When Dice/EA released Star Wars Battlefront, some battlefield game modes ended up in a reworked and improved format in Battlefront. One these game modes is Walker Assault, the Star Wars take on the classic Rush game mode. In translating Rush for Star Wars, Dice made a number of design changes which ended up improving Walker Assault compared to its battlefield counterpart. In this article I will describe these design changes and include the impact of the Star Wars canon on the game mode and player behavior.
Rush: Players must defend or destroy pairs of M-COM stations until either the attackers run out of respawn tickets or all of the stations are destroyed. Lost tickets can be regained by reviving fallen team mates. An M-COM station can be destroyed by planting a charge, using explosive weapons or ballistics, or simply by demolishing the building in which it is located. However, not all M-COM stations exist in destructible buildings, forcing players to use a variety of methods to achieve the same goal. When a charge is planted by the attacking team, an alarm is activated and the defenders have a limited amount of time to get to the M-COM station and disarm the bomb before it detonates. (source: wikipedia)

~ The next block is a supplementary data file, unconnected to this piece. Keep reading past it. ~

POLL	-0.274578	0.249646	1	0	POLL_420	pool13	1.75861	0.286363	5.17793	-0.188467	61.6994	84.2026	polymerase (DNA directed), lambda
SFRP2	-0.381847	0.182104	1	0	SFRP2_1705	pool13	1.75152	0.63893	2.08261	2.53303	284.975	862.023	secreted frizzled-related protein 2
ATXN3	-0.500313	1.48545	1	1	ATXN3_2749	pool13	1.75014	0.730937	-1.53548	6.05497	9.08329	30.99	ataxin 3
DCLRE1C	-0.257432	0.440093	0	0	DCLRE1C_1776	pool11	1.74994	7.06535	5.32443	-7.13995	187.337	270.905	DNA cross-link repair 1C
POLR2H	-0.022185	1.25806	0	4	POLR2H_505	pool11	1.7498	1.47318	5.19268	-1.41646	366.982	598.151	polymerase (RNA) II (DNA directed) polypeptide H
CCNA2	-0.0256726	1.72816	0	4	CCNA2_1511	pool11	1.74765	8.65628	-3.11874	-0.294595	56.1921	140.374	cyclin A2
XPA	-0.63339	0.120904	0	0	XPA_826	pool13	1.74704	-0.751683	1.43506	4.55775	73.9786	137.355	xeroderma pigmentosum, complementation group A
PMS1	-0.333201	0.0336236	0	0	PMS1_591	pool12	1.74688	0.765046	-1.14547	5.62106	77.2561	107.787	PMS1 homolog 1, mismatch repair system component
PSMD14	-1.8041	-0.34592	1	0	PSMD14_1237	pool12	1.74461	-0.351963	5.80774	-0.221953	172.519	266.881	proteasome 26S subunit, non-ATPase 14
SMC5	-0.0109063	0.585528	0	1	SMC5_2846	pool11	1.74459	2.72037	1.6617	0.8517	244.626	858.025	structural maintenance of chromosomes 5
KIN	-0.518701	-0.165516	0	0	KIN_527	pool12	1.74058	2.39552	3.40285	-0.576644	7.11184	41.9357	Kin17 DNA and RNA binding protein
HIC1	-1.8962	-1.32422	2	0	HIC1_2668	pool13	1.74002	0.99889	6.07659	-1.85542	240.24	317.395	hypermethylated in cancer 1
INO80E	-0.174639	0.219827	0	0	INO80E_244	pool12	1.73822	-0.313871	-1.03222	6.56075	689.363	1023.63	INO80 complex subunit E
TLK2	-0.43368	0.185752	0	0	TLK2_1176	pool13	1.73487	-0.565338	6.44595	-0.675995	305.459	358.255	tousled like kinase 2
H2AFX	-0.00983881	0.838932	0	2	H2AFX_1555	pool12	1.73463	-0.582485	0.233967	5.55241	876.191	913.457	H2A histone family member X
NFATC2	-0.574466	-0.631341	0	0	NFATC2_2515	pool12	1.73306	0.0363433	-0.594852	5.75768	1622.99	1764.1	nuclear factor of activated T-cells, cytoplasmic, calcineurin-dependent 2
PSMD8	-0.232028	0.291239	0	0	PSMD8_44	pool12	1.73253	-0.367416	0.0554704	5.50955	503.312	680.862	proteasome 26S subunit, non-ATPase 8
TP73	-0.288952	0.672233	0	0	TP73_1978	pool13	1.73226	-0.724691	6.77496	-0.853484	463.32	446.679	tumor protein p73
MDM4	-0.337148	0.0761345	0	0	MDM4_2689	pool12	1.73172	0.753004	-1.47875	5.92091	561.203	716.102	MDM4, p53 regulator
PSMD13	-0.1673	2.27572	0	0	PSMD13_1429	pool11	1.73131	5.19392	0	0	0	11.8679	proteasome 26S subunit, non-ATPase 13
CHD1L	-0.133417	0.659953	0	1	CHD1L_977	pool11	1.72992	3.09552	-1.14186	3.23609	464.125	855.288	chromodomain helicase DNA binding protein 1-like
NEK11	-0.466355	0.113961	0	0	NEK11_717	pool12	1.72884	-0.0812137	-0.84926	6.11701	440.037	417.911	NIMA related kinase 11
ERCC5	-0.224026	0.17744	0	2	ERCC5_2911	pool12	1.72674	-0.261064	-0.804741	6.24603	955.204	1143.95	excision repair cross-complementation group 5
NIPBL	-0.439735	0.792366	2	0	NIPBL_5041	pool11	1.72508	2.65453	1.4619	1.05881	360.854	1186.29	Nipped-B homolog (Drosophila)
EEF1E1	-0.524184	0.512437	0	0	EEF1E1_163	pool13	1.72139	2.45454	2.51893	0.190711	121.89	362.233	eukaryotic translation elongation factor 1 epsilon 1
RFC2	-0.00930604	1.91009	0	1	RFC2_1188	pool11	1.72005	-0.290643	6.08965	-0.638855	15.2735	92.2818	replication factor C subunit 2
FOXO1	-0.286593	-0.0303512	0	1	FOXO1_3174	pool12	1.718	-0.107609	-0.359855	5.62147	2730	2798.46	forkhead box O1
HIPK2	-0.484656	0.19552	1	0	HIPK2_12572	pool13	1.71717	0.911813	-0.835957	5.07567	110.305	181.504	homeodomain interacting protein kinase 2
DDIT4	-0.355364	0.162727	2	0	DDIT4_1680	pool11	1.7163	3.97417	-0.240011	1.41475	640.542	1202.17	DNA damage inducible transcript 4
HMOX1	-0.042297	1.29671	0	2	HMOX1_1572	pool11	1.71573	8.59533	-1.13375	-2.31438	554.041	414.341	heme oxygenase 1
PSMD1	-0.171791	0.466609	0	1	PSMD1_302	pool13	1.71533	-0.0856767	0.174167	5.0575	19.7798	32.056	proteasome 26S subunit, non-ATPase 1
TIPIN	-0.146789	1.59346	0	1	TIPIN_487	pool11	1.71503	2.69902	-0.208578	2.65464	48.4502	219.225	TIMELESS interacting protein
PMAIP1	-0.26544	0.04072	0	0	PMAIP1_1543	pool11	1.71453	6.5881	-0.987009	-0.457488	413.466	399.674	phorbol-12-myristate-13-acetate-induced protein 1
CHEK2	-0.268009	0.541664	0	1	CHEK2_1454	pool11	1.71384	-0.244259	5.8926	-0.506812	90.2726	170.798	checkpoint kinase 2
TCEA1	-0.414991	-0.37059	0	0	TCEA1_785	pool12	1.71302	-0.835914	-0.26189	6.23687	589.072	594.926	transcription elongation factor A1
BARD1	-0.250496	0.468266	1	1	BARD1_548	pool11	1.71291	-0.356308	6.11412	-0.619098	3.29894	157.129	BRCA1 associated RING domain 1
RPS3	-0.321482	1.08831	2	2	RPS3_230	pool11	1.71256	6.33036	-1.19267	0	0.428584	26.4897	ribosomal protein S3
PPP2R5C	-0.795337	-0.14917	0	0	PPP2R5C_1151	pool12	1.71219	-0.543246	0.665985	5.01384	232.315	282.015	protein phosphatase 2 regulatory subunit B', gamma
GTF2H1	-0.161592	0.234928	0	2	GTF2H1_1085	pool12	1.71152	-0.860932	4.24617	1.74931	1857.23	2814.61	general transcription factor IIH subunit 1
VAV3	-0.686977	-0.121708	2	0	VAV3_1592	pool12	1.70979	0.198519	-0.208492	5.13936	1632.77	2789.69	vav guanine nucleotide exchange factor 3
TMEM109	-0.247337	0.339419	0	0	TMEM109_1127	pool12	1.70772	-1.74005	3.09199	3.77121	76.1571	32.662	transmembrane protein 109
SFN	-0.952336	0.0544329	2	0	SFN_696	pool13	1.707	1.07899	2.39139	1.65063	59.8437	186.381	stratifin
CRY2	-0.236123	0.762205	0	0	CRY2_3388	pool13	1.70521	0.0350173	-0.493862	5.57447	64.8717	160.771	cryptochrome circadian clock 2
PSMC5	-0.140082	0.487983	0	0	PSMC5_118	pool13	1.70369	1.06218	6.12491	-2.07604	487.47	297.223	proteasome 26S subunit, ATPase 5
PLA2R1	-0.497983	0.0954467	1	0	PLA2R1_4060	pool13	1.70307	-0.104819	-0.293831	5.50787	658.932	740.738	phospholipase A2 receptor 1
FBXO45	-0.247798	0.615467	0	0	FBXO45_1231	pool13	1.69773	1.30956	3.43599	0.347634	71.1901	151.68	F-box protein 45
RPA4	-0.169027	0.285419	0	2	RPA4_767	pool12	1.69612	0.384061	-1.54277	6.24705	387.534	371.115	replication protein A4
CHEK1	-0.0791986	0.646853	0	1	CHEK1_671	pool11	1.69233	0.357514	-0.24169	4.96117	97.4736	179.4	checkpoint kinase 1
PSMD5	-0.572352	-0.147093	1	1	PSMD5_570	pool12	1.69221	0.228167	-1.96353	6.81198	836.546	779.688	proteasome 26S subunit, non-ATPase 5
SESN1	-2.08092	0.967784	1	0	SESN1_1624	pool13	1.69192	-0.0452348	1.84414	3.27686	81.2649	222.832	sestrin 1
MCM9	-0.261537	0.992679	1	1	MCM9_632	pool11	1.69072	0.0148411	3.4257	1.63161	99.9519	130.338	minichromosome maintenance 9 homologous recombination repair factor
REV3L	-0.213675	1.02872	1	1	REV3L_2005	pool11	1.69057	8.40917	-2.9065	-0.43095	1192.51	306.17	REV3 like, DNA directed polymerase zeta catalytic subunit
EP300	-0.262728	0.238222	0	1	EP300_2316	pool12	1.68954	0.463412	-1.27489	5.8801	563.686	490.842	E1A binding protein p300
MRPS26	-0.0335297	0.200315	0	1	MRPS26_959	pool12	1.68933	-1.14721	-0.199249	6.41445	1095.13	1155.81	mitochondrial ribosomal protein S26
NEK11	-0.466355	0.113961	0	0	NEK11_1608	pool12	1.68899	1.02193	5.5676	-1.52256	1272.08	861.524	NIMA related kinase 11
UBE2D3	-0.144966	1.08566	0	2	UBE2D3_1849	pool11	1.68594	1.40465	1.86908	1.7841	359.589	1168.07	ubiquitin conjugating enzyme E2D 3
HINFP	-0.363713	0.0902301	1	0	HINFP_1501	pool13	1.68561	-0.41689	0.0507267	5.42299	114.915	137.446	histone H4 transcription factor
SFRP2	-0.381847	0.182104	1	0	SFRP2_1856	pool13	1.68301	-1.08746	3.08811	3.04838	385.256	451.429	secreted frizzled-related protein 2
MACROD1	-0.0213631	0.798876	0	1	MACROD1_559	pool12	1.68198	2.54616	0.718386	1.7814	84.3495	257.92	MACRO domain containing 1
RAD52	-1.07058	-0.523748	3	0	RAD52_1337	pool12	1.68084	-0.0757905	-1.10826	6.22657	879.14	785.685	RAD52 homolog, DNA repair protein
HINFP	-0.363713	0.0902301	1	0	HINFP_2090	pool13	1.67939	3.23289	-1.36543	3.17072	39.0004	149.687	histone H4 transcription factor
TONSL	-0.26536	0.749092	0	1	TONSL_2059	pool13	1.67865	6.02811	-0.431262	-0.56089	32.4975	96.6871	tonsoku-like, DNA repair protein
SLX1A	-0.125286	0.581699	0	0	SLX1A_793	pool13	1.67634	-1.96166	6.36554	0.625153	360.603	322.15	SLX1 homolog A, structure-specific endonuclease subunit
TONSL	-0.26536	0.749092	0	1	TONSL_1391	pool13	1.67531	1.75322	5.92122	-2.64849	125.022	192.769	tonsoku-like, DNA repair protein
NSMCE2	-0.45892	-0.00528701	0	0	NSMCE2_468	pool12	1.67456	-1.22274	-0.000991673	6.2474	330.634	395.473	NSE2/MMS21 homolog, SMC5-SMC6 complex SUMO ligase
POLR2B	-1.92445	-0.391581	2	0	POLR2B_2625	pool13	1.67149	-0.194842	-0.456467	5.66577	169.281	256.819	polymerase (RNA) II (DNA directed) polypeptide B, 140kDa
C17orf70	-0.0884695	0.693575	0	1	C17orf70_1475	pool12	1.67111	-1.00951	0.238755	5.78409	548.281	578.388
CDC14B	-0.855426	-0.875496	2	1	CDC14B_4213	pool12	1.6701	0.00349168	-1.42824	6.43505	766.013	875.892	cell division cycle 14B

Walker Assault: Imperial troops escort 1 or 2 giant AT-AT vehicles on approach to a rebel stronghold or space ship. Rebels try to arm 2 satellite posts which make the AT-AT vehicles vulnerable to ground fire. The rebels have 3 opportunities to arm satellite posts. If at least one AT-AT reaches the end of the map, the imperials win. If both AT-AT’s are destroyed the rebels win. (source: author's description)